Comment author: sixes_and_sevens 19 July 2011 09:53:52PM 2 points [-]

I often feel quite self-conscious when I spell it "maths". That's about the height of it.

Comment author: Nisan 19 July 2011 11:32:12PM 0 points [-]

I like your username.

Comment author: sixes_and_sevens 20 July 2011 08:26:46AM 1 point [-]

Thank you.

Comment author: cousin_it 19 July 2011 09:06:51PM *  10 points [-]

The C2 wiki has invented a beautiful name for this concept and gathered lots of examples: American Cultural Assumption. (Do Americans realize that words like "primaries", "cheerleaders" or "curveball" are incomprehensible to most of the world?) That said, as a Russian living in Switzerland, I'm not too worried about this sort of cultural bias. I generally don't even notice it until someone points it out. The only case in recent memory that really made me cringe was when Google decided to remind me about something called "Father's Day".

Comment author: SilasBarta 21 July 2011 03:59:14PM 0 points [-]

(Do Americans realize that words like "primaries", "cheerleaders" or "curveball" are incomprehensible to most of the world?)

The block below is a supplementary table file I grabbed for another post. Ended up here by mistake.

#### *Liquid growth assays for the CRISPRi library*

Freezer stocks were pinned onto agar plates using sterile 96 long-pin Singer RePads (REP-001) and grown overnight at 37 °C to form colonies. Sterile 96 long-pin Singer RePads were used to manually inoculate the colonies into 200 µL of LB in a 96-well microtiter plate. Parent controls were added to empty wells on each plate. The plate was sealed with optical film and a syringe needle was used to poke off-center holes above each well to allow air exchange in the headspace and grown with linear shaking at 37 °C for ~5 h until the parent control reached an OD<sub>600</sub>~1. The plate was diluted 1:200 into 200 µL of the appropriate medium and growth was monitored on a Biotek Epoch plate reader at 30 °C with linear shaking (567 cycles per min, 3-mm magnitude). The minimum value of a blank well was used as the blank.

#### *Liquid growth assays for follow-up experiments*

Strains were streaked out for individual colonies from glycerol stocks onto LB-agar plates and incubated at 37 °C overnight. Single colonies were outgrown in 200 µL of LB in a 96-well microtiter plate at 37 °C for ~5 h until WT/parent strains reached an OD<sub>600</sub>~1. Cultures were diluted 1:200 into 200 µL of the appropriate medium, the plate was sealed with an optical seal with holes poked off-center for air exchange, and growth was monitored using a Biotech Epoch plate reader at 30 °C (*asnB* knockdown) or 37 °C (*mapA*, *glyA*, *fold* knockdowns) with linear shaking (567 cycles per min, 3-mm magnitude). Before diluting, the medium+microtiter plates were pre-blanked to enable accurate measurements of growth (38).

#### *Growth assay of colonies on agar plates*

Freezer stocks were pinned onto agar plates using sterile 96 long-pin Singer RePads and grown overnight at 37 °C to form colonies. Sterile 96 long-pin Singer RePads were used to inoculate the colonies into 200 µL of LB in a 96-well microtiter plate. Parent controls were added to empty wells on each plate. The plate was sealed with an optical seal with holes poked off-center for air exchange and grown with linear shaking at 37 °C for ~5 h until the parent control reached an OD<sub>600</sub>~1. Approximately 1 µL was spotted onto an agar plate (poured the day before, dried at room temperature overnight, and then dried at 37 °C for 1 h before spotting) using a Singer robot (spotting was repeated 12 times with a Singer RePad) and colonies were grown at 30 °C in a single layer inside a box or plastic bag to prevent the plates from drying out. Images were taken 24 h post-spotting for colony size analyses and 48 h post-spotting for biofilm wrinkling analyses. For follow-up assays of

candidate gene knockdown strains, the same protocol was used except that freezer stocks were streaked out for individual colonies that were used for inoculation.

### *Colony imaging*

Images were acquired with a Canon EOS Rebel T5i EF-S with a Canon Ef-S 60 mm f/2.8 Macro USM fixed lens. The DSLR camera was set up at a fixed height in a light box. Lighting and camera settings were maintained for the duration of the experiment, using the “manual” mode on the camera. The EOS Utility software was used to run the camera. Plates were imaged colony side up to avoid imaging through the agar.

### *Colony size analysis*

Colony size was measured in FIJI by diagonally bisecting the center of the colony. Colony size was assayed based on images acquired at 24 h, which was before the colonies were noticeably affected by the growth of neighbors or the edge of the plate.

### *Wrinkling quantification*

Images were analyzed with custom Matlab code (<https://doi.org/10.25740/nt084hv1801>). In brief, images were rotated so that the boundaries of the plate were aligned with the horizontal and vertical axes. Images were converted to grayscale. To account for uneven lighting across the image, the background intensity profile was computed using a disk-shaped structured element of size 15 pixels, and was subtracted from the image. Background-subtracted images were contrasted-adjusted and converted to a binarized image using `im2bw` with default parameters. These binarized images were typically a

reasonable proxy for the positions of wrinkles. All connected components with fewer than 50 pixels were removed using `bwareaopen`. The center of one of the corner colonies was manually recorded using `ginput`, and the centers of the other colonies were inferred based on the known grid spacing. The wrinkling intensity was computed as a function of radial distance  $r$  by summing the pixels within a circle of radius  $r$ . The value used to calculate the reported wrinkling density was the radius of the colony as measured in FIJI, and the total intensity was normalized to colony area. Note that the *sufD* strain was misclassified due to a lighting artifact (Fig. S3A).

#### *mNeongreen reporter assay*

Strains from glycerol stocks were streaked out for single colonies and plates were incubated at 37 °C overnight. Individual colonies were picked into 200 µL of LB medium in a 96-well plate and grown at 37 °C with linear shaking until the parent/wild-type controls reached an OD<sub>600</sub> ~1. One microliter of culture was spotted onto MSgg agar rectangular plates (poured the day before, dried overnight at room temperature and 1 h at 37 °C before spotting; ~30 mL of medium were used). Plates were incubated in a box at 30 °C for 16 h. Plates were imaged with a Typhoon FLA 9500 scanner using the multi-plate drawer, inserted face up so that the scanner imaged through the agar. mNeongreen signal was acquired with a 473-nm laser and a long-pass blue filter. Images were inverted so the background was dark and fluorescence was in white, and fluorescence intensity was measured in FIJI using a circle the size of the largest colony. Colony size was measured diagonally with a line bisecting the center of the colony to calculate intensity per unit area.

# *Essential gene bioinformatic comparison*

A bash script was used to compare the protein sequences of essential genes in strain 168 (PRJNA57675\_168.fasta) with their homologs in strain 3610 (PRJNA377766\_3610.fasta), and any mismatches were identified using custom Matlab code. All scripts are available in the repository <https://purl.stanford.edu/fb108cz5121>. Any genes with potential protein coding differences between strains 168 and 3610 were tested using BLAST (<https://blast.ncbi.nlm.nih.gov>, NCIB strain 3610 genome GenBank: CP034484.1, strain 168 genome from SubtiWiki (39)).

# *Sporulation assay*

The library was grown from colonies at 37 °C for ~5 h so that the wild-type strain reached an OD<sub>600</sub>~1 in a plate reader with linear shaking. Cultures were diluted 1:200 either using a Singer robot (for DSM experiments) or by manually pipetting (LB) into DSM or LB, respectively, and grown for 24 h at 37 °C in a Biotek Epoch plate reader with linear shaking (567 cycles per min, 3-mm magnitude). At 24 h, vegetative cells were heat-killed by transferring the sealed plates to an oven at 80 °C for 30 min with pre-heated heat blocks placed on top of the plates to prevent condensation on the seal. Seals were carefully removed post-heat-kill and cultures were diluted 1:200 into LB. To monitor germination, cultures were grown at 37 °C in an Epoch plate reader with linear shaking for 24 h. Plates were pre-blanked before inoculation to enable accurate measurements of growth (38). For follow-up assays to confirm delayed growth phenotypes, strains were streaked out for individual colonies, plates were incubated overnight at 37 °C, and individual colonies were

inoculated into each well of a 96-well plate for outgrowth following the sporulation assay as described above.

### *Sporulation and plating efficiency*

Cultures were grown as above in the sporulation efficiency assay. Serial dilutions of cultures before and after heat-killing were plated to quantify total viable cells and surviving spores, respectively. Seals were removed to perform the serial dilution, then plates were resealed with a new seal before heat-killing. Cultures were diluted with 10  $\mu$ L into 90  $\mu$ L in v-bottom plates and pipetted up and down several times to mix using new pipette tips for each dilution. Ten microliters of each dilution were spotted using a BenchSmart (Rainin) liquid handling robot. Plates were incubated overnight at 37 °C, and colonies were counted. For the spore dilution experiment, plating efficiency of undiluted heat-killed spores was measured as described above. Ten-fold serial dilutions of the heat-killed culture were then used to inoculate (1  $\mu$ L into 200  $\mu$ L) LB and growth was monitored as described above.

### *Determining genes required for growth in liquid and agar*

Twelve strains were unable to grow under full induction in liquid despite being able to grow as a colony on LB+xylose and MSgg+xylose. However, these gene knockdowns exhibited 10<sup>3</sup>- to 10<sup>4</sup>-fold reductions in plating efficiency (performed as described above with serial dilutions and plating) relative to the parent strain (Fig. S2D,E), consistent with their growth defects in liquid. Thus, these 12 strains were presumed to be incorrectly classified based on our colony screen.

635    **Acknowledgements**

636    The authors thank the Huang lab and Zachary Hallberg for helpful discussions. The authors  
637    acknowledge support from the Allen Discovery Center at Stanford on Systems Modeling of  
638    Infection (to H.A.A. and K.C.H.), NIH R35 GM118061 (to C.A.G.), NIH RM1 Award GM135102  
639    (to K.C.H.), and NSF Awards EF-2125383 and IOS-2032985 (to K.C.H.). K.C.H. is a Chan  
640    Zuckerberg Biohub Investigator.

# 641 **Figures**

I realized that references to "Yes, Virginia, there is a Santa Claus" would be America-centric, but then I saw you do this.

Comment author: MixedNuts 19 July 2011 09:21:55PM 4 points [-]

Primaries, cheerleaders and Father's Day exist in most of Western Europe (though primaries are a recent import from the US).

Comment author: Barry_Cotter 22 July 2011 12:20:00AM 4 points [-]

I'm quite familiar with the political culture in Ireland and Britain; they don't have primaries in anything strongly resembling the American sense. I'm willing to say the same for Germany but I'm not as sure. Actually, now that I think about it, I would be incredibly surprised if any country in Europe, east or west has primaries like in the US. After all people don't register as members of a political party when they register as voters.

I would also be surprised if cheerleaders existed in anything approaching the way they do in the US in Europe, seeing as no team sports with long periods of no motion/play are popular in Europe.

Father's Day is popular in some European countries, so in my eyes you're one for three.

Comment author: MixedNuts 22 July 2011 08:03:18AM *  1 point [-]